Shale tax a heavy lift for Pennsylvania governor

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Pennsylvania Gov. Tom Wolf's new wrinkle to his oft-repeated call for a tax on natural-gas drilling companies would backstop $4.5 billion of borrowing for infrastructure projects.

Whether Democrat Wolf, elected to a second term in November, can get it past the Republican-controlled legislature this time is a big question.


"A severance tax to finance infrastructure is probably a good idea," said Alan Schankel, a managing director at Janney Capital Markets in Philadelphia.

"I think tying it to infrastructure is a plus, though he may have trouble getting it past Republicans," Schankel added.

Wolf said the initiative would fund such measures as flood control and anti-blight.

The GOP has repeatedly pushed back on the tax, though lawmakers did pass an "impact fee" under Wolf's predecessor, Republican Tom Corbett.

Wolf last week proposed a 4.5% severance tax on Marcellus Shale gas extraction. According to think tank Commonwealth Foundation, this would lead to roughly $8 billion in debt payments over 30 years.

David Fiorenza, a professor at Villanova School of Business, said debate will follow geographic lines.

"The new severance tax will have legs in the eastern part of the state but west of Harrisburg it will lay dormant," Fiorenza said. Shale activity is heavier in western Pennsylvania.

Wolf bypassed the shale tax in his $34.1 billion budget speech Tuesday at the State Capitol in Harrisburg. While separate from the spending plan itself, it figures to be a central debate point during the session. The fiscal year starts July 1, though Pennsylvania is frequently late.

The budget itself contains no increases in broad-based taxes such as those on income and property, boosts basic education spending and calls for workforce development initiatives.

Pennsylvania’s 14 state universities stand to receive an extra $7 million, though state-related universities — Temple, Lincoln, Penn State and the University of Pittsburgh, which are categorized differently — remain flat.

"I would have liked to have seen an increase for all the colleges," Schankel said.

Wolf also wants a $45,000 minimum salary for public school teachers. According to Schankel, that could strain budgets in poorer school districts.

Unfunded pension liability, deficits and late budgets have triggered rating-agency downgrades over the past three years.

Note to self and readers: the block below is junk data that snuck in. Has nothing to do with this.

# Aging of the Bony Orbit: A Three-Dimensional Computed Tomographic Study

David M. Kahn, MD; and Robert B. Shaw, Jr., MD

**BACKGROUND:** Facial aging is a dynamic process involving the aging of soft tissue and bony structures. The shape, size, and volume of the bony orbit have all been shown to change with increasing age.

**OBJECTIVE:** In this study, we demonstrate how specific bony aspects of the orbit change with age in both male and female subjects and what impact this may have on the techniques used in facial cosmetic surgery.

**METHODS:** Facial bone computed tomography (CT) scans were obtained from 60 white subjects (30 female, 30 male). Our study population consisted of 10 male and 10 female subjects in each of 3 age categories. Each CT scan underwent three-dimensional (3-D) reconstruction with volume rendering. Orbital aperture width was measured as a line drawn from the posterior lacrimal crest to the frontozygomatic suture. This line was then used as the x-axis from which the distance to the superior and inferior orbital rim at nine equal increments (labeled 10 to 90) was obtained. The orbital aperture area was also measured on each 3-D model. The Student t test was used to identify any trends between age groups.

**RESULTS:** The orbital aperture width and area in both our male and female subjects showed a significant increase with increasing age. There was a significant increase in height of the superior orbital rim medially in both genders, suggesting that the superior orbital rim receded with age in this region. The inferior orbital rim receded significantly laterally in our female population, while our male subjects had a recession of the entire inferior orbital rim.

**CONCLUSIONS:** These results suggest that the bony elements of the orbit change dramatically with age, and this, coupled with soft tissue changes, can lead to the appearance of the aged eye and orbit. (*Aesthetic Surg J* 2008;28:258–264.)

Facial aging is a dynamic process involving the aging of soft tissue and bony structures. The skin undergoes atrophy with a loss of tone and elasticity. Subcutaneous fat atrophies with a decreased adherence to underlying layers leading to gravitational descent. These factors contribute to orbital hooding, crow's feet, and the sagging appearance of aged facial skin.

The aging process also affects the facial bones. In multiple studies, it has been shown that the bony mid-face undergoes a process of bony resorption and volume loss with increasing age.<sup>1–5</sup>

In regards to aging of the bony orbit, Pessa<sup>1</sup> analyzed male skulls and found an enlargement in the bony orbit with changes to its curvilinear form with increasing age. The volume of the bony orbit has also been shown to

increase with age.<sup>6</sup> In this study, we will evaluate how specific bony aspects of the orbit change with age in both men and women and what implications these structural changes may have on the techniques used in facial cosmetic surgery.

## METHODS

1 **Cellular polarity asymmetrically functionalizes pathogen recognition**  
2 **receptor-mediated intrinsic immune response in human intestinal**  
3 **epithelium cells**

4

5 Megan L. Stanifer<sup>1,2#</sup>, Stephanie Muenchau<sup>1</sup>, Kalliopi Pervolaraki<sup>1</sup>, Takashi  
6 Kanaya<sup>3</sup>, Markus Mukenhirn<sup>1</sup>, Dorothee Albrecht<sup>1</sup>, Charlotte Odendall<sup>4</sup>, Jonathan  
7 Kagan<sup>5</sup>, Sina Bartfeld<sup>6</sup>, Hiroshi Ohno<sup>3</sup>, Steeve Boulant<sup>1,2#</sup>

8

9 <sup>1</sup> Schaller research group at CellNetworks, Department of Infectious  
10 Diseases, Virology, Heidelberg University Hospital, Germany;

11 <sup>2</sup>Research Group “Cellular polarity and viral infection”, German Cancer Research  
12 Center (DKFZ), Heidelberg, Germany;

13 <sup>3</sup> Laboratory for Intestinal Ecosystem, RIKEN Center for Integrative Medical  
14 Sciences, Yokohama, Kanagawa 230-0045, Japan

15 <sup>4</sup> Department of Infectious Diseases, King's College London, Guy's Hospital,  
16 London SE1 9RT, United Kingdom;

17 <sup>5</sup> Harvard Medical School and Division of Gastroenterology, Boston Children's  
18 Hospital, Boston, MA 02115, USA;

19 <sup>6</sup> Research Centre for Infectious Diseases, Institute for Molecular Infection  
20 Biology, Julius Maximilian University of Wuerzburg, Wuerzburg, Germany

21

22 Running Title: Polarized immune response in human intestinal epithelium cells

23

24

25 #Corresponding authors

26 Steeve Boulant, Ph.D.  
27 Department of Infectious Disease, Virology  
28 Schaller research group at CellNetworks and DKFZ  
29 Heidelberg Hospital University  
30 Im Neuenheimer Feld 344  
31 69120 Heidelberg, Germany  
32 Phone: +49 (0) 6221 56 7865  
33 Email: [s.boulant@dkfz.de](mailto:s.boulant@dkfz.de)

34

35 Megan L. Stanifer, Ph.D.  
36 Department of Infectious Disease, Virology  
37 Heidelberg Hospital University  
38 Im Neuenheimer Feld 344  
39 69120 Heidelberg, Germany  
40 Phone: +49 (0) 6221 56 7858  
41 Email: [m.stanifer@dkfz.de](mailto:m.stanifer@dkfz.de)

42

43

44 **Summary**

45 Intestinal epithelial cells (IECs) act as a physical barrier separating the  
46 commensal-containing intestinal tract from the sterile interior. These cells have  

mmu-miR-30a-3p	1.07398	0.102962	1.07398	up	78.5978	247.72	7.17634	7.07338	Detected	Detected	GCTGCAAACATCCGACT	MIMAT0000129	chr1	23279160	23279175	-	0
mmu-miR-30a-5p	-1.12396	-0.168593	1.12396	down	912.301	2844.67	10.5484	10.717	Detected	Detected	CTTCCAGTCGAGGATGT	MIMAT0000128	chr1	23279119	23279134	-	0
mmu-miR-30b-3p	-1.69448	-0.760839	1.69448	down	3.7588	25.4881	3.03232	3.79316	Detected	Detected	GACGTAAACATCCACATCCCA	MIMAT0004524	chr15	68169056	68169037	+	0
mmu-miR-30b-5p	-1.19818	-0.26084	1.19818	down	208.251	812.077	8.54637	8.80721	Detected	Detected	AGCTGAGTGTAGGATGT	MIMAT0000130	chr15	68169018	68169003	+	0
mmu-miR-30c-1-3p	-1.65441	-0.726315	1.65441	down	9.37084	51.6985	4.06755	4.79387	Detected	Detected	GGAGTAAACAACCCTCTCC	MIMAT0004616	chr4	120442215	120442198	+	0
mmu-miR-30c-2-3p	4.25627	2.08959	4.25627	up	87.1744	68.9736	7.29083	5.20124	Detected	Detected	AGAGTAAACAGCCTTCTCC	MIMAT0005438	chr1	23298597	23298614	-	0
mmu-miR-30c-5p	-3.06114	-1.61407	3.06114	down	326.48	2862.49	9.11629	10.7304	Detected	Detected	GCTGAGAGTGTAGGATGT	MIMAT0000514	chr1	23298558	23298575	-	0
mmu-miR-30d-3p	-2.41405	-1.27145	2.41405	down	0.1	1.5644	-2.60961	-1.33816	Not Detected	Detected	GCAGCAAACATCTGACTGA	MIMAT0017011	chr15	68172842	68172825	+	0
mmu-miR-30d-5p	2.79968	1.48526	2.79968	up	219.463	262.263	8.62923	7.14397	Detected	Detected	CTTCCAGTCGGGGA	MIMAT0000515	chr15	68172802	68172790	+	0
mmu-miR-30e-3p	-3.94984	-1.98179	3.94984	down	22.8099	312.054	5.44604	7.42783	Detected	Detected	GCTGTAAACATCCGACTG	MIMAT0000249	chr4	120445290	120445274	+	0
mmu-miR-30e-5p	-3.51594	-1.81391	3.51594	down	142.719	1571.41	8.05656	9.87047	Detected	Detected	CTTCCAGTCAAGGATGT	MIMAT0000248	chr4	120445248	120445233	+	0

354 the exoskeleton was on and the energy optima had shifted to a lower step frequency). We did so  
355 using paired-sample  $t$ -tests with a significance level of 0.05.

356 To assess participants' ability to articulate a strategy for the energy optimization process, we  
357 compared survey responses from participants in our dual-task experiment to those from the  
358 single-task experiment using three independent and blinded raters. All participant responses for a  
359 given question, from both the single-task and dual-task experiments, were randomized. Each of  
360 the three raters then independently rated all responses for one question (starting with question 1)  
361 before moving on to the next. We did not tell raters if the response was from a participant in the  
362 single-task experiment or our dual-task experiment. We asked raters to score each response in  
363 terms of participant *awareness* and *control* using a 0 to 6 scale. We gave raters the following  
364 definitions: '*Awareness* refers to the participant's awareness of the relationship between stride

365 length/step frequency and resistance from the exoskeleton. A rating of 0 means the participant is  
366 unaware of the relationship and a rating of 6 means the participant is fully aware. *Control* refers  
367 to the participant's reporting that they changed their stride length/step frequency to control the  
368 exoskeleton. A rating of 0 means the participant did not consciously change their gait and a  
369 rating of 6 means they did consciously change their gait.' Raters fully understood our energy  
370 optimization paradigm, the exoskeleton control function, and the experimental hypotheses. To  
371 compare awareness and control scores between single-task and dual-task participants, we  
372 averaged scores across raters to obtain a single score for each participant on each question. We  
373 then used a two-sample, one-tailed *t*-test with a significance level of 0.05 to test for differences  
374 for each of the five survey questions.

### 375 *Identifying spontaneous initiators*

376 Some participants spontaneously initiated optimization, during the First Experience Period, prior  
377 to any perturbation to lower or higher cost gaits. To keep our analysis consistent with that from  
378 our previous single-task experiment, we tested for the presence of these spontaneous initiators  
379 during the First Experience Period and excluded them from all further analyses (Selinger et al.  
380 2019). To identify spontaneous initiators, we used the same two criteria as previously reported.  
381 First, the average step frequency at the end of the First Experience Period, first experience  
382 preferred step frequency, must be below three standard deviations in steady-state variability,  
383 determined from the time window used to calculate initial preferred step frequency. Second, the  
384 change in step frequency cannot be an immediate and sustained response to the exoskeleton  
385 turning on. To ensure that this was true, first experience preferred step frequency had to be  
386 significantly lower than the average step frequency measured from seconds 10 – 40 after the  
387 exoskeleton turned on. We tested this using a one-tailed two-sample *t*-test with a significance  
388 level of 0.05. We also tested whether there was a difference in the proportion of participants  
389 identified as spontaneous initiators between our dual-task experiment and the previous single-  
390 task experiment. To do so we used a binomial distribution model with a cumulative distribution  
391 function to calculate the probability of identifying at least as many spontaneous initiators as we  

Moody’s Investors Service rates Pennsylvania's general obligation bonds Aa3 with a stable outlook. S&P Global Ratings and Fitch Ratings assign A-plus and AA-minus ratings, respectively. Their respective outlooks are stable and negative.

In election year 2018, the governor and the legislature enacted the first on-time budget since Wolf took office in January 2015. "Democrats and Republicans will interact only if it is in their best interest to get re-elected," Fiorenza said.

Shale tax aside, Republicans struck an agreeable note.

"There is a lot we can embrace and get behind, at least generically," said Senate Majority Leader Jake Corman, R-Bellefonte, citing workforce development in particular.

While Wolf cited Amazon's rejection of Pennsylvania in his budget speech, Fiorenza said the state is better off in the long run without the Fortune 500 company. Amazon triggered a nationwide frenzy with its search for an additional headquarters, entertaining bids from cities before choosing New York and Crystal City, Virginia, in November.

"I am happy Pennsylvania did not get Amazon," he said. "The state does not need to continue its corporate welfare to corporations that place burdens and crowd out small business."

Fiorenza favors a slight increase in the minimum wage. Wolf proposed increasing it to $12 per hour.

"Let the markets of supply and demand determine what wages should be," he said. "Very few businesses in our two major cities [Philadelphia and Pittsburgh] are paying minimum wage to attract workers."

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State budgets Infrastructure Tom Wolf Commonwealth of Pennsylvania Pennsylvania
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